Small Business Bankruptcy and the New Subchapter V Case

Categories: Bankruptcy

Let’s face it, America runs on small businesses like yours and mine. Unfortunately, you and I have discovered that the playing field is not level for us when we don’t have piles of cash or the name Bezos to lean on. We do the best we can to follow the law and now we’re all being squeezed for juice when there is nothing left. Will we survive this pandemic?  The legal answer always is, it depends.

The Small Business Reorganization Act of 2019 (SBRA) became effective on August 23, 2019 and created the new Subchapter V laws. The general purpose was to streamline the current Chapter 11 process for small businesses and individuals engaged in business to administer their bankruptcy estate efficiently and less costly than a traditional Chapter 11 case.

What is the Structure of Your Business?

So many prospective clients are not even certain how their business is structured, which is always my first cause for concern.  Unless you formed a Limited Liability Company, or S-Corp, or C-corp, then you are not eligible to save your company under a Subchapter V bankruptcy case.  You see, this new provision in the Bankruptcy Code is only for corporations.  The good news is that if you’re what we call a ‘sole proprietor’ and file your taxes using a Schedule C with your long form 1040, then you’ll be permitted to file an individual consumer bankruptcy case under the current Chapter 7 or Chapter 13 provisions in the Bankruptcy Code (eligibility requirements apply). An adept and skilled bankruptcy attorney can guide most small business owners, without a corporation, through a consumer bankruptcy case.

On Aug. 23, 2019, the Small Business Reorganization Act of 2019 (SBRA) was signed into law and created a new Subchapter V. The general purpose of Subchapter V was to streamline the Chapter 11 bankruptcy process for small businesses and individuals engaged in business to administer their bankruptcy estate in an efficient and less costly manner. Source This new law only applies to corporate entities. What is does is streamline the process for smaller corporations to remain operational and reorganize under the protection of the Bankruptcy Code.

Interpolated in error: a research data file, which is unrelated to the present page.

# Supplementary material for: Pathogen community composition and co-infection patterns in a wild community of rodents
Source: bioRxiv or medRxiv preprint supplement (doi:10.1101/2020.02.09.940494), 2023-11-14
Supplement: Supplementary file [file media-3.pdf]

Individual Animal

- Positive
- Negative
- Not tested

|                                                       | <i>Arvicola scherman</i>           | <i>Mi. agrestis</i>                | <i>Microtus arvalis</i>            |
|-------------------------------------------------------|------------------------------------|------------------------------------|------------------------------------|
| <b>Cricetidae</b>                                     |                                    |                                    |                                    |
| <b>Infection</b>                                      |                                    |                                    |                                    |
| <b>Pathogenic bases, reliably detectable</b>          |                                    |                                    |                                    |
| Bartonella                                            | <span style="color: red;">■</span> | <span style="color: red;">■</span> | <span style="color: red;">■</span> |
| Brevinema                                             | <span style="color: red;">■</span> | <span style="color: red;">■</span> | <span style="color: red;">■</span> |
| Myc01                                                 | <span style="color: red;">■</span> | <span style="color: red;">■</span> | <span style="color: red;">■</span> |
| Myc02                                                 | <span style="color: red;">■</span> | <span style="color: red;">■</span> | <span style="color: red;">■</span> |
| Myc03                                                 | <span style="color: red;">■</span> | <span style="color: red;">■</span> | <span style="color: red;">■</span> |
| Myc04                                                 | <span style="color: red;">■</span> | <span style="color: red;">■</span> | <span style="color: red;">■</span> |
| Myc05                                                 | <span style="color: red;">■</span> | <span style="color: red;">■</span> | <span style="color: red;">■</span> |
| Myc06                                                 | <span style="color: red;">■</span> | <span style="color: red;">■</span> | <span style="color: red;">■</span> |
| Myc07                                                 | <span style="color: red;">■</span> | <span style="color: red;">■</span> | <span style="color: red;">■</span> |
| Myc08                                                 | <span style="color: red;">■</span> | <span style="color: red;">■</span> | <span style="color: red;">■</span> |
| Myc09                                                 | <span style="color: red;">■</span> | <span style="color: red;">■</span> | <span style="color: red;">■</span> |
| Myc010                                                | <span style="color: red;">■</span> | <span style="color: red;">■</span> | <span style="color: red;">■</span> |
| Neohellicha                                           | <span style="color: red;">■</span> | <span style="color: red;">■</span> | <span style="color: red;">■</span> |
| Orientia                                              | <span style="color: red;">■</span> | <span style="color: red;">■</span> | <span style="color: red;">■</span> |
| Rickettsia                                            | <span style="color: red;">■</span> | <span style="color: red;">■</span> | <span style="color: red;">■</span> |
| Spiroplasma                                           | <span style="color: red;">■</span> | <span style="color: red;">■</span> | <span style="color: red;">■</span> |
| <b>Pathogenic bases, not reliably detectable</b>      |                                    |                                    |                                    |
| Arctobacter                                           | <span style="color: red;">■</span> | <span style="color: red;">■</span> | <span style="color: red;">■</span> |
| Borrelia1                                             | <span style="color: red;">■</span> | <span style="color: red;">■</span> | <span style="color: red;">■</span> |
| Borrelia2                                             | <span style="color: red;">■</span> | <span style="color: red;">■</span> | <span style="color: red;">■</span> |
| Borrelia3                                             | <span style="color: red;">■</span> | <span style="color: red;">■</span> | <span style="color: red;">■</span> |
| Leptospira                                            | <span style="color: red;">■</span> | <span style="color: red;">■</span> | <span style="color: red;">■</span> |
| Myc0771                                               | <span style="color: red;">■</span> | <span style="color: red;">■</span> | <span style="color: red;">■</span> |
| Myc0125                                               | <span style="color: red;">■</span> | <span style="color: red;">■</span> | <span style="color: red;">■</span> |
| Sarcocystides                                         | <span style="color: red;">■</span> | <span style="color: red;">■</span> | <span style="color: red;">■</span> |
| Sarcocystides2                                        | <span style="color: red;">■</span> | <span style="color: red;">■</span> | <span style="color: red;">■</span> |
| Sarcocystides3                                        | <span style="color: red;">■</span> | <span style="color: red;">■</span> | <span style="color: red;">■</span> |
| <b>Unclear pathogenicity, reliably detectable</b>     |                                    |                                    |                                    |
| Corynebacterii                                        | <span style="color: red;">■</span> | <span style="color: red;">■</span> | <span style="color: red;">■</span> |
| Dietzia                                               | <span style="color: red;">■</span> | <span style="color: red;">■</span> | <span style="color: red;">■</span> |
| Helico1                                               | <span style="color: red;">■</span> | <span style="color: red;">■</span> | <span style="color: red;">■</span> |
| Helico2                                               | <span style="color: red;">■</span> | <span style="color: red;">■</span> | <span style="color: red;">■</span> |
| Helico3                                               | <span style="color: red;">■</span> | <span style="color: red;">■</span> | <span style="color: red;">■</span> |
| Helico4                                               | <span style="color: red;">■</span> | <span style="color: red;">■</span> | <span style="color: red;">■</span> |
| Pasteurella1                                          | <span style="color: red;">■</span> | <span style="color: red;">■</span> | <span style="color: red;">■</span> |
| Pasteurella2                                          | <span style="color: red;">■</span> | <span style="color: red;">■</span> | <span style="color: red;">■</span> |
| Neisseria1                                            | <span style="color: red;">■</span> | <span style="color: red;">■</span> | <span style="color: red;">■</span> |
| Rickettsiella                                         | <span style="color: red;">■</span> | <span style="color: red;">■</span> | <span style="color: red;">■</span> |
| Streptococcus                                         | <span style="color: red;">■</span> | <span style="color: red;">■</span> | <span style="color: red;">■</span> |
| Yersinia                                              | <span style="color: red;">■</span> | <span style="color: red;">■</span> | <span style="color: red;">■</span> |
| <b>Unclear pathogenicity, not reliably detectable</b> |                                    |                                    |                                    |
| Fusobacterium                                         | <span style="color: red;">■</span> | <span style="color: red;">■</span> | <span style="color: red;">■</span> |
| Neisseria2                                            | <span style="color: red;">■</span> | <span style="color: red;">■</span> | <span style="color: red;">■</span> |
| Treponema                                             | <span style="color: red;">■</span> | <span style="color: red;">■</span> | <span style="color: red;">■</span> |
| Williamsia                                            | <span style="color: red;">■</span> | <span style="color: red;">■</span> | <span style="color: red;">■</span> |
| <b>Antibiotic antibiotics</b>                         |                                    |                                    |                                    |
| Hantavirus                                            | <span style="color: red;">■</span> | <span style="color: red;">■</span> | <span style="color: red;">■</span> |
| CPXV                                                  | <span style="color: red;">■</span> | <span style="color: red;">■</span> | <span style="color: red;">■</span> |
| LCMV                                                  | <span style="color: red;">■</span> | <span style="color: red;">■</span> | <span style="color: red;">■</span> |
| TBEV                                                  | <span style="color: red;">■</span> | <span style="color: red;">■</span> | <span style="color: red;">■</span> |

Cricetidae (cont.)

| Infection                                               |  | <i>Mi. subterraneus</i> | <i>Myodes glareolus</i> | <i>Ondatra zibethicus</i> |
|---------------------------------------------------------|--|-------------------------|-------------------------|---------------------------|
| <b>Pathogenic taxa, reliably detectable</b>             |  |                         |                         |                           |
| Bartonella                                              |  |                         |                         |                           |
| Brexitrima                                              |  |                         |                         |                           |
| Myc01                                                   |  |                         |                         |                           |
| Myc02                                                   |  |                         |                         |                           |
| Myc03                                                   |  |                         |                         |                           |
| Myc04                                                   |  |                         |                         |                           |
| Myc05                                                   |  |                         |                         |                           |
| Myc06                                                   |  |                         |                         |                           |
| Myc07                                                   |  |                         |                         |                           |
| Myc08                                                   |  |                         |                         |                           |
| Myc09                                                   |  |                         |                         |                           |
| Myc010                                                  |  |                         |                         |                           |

Is the Corporation Eligible for a Subchapter V Bankruptcy?

As with any benefit, there are always eligibility requirements. First, there is a debt limit of $7.5 million for eligibility. This means that your corporation cannot have debts in excess of that amount, otherwise, the business will need to file under Chapter 11 to remain operational.

Second, at least 50% of the debt incurred, must be incurred in connection with commercial or business activities. And third, if the business activity is to own or operate more than one real property, that business is now eligible under the new Subchapter V.

PPP SBA and Bankruptcy

Under the CARES Act, businesses are eligible for the Paycheck Protection program (PPP). There have been two rounds of PPP funding thus far and these loans are forgiven for eligible borrowers. Our bankruptcy courts are now grappling with these hybrid-type loans that convert to a grant, if certain conditions are met. If the corporation has already received PPP, then it is what it is, but don’t expect to receive these funds with ease AFTER filing for bankruptcy.  The reason is the Small Business Administration (SBA) contract disqualifies a bankrupt business.  While it is possible to receive additional funding in bankruptcy, it won’t be easy or without a fight from the SBA.

SubChapter V or Chapter 7? Decisions Decisions

If the corporation stands a chance at success after Covid-19 restrictions end, then a restructuring of business debts becomes a viable option under the new Subchapter V because is lowers the barriers to entry into bankruptcy for many small businesses. Consider a Subchapter V bankruptcy an opportunity to stay in business and make payments over time to creditors while the company continues to operate.

If the corporation is not likely to succeed, then it may be wound down or file under Chapter 7 of the bankruptcy code to liquidate any assets and pay creditors what it can after it permanently ceases operations.  Keep in mind that corporate debtors do not receive a discharge order (a permanent order preventing collections of debts). This is solely to permit creditors to collect on any personal guarantees made by any shareholders and owners and hold them personally liable for certain debts by agreement or operation of law. A consultation with a skilled practitioner will provide answers that all small business owners can use to make a well-informed decision on the direction needed to achieve corporate goals.

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